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Simple question: how do you know that you are an invited speaker for a conference?

For example, receiving an email "For your information, this is our next conference" is obviously not an invitation. What about "I would like to invite you to contribute"? Is there an strict definition of Invited Speaker?

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    I don't want to make it an answer because I'm pretty sure that it's different between fields, but my guideline is who pays. If I have to pay my travel and lodging, it's not an invited talk; if the conference covers them, it is invited. – iayork Aug 8 '17 at 15:19
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There are a number of different forms of invited talk, but to me, a clear distinction can be made by considering whether the decision to have a person speak comes before or after any associated submission.

  • If the organizers of the event have decided they want Dr. Smith to speak, based on Dr. Smith's record, and then afterwards negotiate the particulars of topic and content of the talk, then it's an invited talk. There might or might not be any publication associated with it, depending on the particulars of the venue. This covers keynotes, seminars, symposia, and many other forms of talk.

  • If the organizers ask Dr. Smith to submit something, and then decide whether they want the talk based on what's been submitted, then it's not an invited talk. This is the typical case for conferences, workshops, etc.

What can make things confusing is that the word "invite" is often used in solicitations for submissions of the second type, particularly by low-quality or predatory organizations that are trying to trick people into thinking it's an invited talk, rather than just another request for submissions.

If the judgement comes after the submission, however, it's definitely not an invited talk---and if the judgement comes before because it's a terrible venue, then you shouldn't go even if it would give you an "invited talk" line on your CV.

  • predatory organizations ;-) – Karl Oct 3 '16 at 18:51
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    Still, say I'm a symposium organizer, I know you and like you work, I send you a personal invitation to contribute (not a group mail) to my next conference. If I understand well, it's not clear yet if it's i) a real invitation or ii) just a sollicitation for submission. What will make a difference is whether your paper will be conditionally accepted or not even reviewed. Is that correct? – anderstood Oct 3 '16 at 19:04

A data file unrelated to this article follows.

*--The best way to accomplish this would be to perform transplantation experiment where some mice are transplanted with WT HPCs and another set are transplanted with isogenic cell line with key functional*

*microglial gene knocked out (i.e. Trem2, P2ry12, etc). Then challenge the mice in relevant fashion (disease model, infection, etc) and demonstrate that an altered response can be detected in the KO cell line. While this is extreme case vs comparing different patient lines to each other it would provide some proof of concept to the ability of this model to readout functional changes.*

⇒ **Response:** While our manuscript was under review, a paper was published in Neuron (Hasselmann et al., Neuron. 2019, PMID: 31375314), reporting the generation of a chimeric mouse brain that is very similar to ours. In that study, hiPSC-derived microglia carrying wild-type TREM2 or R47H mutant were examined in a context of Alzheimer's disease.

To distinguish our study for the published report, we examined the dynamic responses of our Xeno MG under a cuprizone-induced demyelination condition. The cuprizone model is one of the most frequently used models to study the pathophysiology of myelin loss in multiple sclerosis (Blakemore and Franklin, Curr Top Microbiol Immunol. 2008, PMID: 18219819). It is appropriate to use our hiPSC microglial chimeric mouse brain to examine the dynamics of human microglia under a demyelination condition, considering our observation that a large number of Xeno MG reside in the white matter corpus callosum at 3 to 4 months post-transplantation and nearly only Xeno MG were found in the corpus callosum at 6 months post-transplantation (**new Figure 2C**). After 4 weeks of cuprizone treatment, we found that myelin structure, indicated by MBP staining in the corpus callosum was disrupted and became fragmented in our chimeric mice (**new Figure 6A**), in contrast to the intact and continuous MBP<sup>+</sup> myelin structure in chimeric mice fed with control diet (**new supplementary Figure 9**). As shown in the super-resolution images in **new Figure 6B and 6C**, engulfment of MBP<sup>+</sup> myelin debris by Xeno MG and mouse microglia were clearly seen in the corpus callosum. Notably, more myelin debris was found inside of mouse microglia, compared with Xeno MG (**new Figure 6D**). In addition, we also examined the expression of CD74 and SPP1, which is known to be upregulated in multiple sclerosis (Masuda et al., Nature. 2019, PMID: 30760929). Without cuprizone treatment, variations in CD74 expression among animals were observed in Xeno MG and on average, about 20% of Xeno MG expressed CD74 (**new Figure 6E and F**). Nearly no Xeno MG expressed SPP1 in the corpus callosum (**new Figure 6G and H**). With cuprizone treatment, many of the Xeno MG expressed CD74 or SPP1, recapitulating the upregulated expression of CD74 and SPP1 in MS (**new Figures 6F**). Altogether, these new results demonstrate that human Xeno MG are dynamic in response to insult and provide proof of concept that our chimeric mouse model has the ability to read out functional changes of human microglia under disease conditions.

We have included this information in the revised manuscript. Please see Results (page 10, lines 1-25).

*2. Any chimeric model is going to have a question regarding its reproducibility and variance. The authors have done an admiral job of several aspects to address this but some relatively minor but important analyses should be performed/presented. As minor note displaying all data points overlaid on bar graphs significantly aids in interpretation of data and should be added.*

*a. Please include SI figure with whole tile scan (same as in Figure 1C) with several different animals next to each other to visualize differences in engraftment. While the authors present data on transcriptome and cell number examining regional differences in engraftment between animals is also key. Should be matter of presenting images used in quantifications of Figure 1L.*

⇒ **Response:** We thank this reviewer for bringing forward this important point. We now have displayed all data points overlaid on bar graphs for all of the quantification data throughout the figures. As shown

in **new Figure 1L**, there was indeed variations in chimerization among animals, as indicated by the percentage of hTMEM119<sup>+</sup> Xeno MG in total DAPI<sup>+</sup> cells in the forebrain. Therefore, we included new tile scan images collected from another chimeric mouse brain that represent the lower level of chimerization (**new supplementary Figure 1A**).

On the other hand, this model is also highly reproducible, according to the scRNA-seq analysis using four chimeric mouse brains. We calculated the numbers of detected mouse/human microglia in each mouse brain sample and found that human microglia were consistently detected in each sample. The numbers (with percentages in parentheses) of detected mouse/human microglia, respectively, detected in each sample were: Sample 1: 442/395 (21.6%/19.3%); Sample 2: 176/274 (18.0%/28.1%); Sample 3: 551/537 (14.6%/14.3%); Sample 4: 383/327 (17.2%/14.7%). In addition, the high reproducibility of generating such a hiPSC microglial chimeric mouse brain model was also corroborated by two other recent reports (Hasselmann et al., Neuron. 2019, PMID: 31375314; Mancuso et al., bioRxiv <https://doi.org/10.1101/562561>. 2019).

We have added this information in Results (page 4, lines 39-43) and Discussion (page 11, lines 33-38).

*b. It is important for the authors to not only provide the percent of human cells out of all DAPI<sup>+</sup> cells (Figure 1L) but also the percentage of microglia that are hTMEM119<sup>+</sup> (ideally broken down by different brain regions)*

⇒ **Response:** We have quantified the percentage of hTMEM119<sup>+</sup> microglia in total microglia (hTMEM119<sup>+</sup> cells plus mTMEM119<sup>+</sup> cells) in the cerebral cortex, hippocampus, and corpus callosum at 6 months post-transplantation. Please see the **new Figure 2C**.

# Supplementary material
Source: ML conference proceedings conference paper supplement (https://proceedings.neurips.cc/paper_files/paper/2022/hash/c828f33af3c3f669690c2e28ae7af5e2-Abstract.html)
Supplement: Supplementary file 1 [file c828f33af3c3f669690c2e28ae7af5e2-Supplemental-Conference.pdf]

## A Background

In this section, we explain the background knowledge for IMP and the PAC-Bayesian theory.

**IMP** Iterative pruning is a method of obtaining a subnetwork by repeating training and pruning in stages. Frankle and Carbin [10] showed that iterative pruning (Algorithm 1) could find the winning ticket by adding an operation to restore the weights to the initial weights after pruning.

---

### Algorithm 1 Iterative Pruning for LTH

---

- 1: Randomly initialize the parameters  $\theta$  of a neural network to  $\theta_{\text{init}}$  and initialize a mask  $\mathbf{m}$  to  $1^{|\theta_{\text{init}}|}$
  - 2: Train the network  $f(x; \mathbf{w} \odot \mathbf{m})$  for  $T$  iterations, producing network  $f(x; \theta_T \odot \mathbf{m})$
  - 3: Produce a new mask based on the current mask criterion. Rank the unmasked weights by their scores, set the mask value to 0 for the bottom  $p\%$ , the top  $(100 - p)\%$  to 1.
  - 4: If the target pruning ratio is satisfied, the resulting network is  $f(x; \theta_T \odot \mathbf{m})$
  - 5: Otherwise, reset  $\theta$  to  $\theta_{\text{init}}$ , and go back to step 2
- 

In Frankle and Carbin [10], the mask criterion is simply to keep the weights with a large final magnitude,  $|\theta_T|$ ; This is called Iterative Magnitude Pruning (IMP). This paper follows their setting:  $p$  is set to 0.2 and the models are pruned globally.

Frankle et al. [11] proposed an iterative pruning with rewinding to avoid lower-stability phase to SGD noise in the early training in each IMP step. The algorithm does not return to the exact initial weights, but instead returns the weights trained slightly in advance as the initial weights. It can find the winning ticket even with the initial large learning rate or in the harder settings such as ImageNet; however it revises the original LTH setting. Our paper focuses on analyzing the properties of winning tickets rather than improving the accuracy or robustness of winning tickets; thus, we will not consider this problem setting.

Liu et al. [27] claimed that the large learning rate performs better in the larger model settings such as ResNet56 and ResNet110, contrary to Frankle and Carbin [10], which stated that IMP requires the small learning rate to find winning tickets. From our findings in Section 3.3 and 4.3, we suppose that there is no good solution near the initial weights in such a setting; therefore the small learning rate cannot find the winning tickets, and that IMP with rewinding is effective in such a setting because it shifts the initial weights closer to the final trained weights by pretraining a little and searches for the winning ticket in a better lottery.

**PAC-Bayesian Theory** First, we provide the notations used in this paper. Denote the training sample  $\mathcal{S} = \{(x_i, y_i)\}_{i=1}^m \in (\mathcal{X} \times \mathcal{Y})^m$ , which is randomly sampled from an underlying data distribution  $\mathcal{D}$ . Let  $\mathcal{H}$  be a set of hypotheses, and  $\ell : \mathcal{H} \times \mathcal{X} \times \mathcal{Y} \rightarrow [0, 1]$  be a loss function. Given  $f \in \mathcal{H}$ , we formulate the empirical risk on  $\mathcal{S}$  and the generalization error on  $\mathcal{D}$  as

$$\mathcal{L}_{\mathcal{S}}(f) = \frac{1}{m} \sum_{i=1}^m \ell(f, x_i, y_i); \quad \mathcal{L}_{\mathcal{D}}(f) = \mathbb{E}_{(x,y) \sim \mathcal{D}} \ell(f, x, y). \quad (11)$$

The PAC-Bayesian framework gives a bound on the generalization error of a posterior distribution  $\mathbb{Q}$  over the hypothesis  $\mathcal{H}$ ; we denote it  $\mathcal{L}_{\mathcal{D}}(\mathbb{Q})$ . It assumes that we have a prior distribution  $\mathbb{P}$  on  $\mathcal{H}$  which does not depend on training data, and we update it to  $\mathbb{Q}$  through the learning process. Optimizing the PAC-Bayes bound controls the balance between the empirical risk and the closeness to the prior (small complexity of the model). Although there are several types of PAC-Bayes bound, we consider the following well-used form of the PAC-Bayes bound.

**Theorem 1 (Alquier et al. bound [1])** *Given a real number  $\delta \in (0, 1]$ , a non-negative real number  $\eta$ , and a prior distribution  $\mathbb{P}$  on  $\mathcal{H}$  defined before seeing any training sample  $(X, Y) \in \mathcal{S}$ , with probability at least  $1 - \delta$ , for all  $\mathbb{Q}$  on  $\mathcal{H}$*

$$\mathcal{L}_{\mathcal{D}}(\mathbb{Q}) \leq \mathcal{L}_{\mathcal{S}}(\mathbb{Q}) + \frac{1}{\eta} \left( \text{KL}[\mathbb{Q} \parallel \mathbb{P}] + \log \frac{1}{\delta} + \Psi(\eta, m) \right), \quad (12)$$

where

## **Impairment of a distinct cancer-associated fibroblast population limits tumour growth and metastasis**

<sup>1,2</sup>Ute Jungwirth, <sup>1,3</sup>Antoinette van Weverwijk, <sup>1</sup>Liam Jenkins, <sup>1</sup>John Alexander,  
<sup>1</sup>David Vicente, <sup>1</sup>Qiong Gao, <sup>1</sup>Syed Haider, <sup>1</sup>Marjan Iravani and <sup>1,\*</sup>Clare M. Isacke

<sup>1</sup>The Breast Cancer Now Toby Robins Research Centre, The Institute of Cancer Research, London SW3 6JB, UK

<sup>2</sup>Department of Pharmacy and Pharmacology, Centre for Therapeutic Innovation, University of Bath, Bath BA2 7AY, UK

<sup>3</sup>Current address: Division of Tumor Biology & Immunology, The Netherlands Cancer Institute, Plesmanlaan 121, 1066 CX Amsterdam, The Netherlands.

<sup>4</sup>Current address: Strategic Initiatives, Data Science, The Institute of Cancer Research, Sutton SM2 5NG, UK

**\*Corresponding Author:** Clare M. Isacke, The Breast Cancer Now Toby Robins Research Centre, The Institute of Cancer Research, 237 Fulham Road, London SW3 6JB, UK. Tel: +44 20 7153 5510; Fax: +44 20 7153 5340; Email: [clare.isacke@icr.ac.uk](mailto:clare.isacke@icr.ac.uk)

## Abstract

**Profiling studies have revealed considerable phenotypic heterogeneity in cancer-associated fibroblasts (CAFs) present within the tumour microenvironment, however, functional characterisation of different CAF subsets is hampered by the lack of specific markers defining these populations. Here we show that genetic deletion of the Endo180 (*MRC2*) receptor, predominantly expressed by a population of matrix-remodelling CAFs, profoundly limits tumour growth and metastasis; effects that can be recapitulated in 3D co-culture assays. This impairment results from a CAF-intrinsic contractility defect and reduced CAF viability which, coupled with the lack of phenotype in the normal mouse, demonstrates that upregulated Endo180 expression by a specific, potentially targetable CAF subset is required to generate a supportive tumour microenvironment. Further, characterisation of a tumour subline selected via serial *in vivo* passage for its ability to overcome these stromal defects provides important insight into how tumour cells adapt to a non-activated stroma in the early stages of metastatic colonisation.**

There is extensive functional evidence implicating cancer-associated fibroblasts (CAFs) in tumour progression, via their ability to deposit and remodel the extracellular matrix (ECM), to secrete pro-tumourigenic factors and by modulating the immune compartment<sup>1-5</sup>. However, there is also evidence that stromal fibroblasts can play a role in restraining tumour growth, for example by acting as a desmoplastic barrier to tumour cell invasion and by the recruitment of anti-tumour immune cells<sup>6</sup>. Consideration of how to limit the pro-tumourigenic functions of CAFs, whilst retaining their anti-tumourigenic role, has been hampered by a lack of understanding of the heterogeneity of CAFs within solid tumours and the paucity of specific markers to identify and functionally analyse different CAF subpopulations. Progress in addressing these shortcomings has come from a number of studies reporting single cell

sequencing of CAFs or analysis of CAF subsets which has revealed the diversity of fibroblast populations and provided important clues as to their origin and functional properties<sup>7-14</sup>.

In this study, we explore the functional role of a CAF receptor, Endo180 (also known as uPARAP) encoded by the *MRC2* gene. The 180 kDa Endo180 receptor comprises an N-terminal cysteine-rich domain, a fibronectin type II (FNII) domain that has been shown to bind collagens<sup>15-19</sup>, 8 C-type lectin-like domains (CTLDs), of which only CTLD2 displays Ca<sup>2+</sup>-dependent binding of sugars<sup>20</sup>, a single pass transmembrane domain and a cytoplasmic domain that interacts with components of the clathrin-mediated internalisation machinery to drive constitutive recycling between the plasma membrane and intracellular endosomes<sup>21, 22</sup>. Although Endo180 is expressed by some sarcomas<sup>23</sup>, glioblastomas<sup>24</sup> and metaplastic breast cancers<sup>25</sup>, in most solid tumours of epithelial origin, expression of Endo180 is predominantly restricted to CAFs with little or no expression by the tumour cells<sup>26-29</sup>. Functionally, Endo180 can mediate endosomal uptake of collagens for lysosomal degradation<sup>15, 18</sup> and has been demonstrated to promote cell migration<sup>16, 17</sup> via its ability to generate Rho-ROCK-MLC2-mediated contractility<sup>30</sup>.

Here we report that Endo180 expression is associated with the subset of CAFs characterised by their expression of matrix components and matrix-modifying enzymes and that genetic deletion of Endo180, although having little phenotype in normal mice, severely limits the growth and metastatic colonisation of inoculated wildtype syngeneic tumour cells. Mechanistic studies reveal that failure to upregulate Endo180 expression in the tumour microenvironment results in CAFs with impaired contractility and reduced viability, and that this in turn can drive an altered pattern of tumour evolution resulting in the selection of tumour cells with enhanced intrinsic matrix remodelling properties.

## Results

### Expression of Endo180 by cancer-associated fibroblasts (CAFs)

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    @anderstood That's correct. When I'm organizing a workshop, for example, I often send out individual, personal solicitations to people who I expect can provide a really good contribution. But they go through the normal review channel just like everybody else, so it's not an invited talk. – jakebeal Oct 3 '16 at 19:09
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    and - if you realize that when you see your name in the program and your name does not have 'invited' next to it and someone else's does, it means that you misinterpreted an ambiguous general call for 'invitation to participate' in our conference. – Carol Oct 3 '16 at 19:51
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This varies by area, but in computer science, you're an invited speaker if

  • you're delivering a keynote
  • The event is invitation-only (like a specialized workshop)

Being invited to contribute is generally NOT considered an invited talk, unless you're being asked to do a keynote and the conference also wants you to submit a short position paper relating to your keynote.

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